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Personal Recollections of Joan of Arc (Dover Thrift Editions) Paperback – November 7, 2002
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I found the book fascinating, moving, and best of all, true. I not only enjoyed it immensely, but I read it over the period of several readings to a bunch of 5-7 graders, who also really enjoyed it (these are kids who are usually "too big" for being read to).
It is plain that Twain took great pains to make sure that the book was as historically accurate as possible, accepting the fact that he wrote it in first person through the person of Sire Louis DeConte. The only question I would like cleared up for me is how much license he took with that one character, and what is actually known about him from history.
I don't recommend many books, but I would highly recommend this one. Following my tendency I bought the budget edition, but if I had spent a bit more, I could have a book that I could lend out to friends more. I have lent this one to various teen-agers, but it is showing the wear and tear.
Born in Domremy in 1412, seventy-five years after the beginning of the Hundred Years War, Joan, an Armagnac, supports the isolated Dauphin, son of Charles VI; another faction supports the Duke of Burgundy, allied with the British. When Joan is fifteen, her angelic voices tell her she will lead God's armies, win back France, and restore the Dauphin. By the time she is seventeen she is General-in-Chief of France. After lifting the siege of Orleans, achieving many victories, and finally, standing beside the Dauphin at his coronation, she is, however, captured by the Burgundians. Sold to the English, she is later surrendered to an Inquisition in Rouen for trial as a heretic and sorceress. The Dauphin fails to intervene, and at age nineteen she is burned at the stake.
Twain creates a fast-paced story about this tumultuous period, creating a series of repeating characters who anchor Joan's story from the time of childhood until her death. One of these characters is Sieur Louis de Conte, a childhood friend, supporter during battle, and mourner at her execution, who narrates Joan's story many years later. Rare comic scenes provide occasional changes of mood, and the last section of the novel--Joan's trial and execution--is dramatic and moving. With the focus on Joan and the arguments she promotes to advance her cause and facilitate her actions, Twain explores the phenomenon of religious passion and the lengths to which a "chosen" person will go to fulfill divine will.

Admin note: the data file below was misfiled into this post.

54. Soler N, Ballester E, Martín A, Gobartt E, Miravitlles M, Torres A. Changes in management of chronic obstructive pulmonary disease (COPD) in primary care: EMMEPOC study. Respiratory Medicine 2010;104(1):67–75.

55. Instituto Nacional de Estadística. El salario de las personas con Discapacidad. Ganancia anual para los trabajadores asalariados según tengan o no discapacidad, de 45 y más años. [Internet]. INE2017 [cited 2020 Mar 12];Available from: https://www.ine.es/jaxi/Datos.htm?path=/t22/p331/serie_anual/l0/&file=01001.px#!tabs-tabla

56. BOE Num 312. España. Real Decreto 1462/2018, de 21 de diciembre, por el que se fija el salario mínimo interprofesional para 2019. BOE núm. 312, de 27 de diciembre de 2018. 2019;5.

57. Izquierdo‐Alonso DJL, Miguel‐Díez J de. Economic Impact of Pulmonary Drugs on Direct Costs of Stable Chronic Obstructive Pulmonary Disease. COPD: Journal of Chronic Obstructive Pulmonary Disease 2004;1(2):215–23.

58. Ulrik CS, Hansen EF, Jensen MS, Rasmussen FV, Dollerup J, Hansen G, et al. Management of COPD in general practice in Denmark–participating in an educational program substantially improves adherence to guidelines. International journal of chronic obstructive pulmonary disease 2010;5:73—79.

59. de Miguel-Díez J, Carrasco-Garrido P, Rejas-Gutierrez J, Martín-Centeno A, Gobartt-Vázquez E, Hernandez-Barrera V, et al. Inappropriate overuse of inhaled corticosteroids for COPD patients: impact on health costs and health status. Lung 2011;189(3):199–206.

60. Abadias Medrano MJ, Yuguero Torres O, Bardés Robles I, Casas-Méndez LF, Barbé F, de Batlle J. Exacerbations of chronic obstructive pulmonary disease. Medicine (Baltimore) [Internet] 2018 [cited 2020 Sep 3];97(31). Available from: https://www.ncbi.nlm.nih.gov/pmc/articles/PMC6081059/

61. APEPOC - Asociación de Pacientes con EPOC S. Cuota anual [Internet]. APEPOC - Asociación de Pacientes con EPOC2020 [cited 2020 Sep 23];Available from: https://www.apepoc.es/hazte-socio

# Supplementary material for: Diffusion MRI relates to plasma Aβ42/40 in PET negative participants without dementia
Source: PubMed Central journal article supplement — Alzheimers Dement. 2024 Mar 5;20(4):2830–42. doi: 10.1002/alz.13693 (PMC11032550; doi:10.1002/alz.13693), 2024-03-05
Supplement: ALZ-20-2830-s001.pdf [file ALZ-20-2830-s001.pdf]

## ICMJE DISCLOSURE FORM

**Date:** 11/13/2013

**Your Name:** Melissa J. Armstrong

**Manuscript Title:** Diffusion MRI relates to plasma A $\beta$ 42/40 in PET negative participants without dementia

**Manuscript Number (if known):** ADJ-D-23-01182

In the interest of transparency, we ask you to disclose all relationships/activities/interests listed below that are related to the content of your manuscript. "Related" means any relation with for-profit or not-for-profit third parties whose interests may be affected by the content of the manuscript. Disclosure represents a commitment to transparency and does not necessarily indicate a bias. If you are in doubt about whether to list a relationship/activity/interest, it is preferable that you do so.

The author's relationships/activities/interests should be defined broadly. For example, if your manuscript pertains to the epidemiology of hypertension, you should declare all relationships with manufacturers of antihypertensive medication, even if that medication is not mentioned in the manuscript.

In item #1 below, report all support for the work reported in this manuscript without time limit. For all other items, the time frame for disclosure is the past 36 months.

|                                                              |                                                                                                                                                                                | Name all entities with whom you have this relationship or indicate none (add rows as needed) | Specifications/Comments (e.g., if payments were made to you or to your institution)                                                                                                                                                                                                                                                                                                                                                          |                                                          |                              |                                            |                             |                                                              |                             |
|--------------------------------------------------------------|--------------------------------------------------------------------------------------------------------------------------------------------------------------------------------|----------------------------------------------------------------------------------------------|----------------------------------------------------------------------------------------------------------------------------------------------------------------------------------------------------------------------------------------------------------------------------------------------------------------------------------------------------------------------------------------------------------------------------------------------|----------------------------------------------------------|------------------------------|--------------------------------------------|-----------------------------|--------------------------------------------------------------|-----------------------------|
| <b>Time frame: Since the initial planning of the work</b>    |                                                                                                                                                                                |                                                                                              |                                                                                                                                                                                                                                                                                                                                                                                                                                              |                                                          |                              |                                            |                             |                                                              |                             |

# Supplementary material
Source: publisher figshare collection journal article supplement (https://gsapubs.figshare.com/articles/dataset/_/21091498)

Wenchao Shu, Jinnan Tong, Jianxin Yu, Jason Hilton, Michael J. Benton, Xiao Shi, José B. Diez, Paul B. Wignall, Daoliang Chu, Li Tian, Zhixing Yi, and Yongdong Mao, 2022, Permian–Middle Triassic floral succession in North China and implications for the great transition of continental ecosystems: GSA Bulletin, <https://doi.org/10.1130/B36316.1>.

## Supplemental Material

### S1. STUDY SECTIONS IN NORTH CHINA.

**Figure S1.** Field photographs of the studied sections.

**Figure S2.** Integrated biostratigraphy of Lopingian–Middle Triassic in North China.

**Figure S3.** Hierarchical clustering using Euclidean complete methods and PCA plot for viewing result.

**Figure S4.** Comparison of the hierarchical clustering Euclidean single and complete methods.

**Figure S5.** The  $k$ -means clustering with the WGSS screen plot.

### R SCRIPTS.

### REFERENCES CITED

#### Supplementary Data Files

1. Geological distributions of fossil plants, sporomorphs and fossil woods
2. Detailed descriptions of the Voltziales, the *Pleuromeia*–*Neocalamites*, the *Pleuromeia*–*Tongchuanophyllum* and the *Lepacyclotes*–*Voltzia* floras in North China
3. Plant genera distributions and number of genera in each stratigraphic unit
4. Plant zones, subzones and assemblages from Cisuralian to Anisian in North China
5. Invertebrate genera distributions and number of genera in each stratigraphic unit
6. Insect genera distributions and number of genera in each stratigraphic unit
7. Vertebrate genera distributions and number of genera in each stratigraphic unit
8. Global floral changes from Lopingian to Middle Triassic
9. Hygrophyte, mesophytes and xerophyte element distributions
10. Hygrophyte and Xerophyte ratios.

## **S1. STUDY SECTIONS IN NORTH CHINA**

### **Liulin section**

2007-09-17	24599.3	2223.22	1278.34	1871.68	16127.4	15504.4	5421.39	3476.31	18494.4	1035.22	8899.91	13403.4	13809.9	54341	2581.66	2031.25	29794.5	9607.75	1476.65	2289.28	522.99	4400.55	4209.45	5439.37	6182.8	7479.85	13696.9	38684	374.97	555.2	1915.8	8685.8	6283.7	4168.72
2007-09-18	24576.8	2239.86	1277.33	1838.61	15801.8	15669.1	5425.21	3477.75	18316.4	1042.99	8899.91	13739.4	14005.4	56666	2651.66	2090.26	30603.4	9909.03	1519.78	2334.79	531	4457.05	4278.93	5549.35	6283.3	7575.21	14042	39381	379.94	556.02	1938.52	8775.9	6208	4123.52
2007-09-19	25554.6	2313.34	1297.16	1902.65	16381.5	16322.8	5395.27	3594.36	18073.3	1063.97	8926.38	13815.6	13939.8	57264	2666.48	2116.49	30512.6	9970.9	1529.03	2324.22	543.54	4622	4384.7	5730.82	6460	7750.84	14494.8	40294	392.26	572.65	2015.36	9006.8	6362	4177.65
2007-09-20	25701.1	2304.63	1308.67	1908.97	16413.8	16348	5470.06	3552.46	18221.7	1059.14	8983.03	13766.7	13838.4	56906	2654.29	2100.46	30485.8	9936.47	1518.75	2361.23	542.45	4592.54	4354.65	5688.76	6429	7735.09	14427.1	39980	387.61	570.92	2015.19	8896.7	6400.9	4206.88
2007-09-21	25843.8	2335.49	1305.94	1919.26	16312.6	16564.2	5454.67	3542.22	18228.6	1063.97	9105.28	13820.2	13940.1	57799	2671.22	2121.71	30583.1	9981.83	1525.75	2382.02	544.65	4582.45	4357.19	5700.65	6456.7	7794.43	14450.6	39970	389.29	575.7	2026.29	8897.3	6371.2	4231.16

As interesting as this book is, historically and thematically, it lacks the unity of some of Twain's other novels. Joan of Arc is so heroic in stature that one feels little emotional connection to her, and Twain's dialogue is so wooden that the other characters fail to come alive, except as mouthpieces for background or philosophy. On several occasions, Twain explains the historical background (how the war began, and later the Five Great Deeds of Joan of Arc) though these delay the action. A serious attempt by Twain to depict a character with whom he was obviously fascinated, this novel is full of biographical and historical detail, but Joan remains an enigma. n Mary Whipple
There is an impossibly powerful moment when Joan is setting off on her journey where she looks back at her old home from the road, and knows without knowing, it is the last time she will ever see it. It hits like an 18-wheeler truck. The way Mark Twain writes it, the way the reader knows history plays out, the way you might imagine that really happened, if it did, if it really could have. It is all the bravery and tragedy the world has to give contained in a paragraph.
In Twain's defense, how could the rest of the book even compare? You might close it forever right there and no one could blame you. It would still be a good book.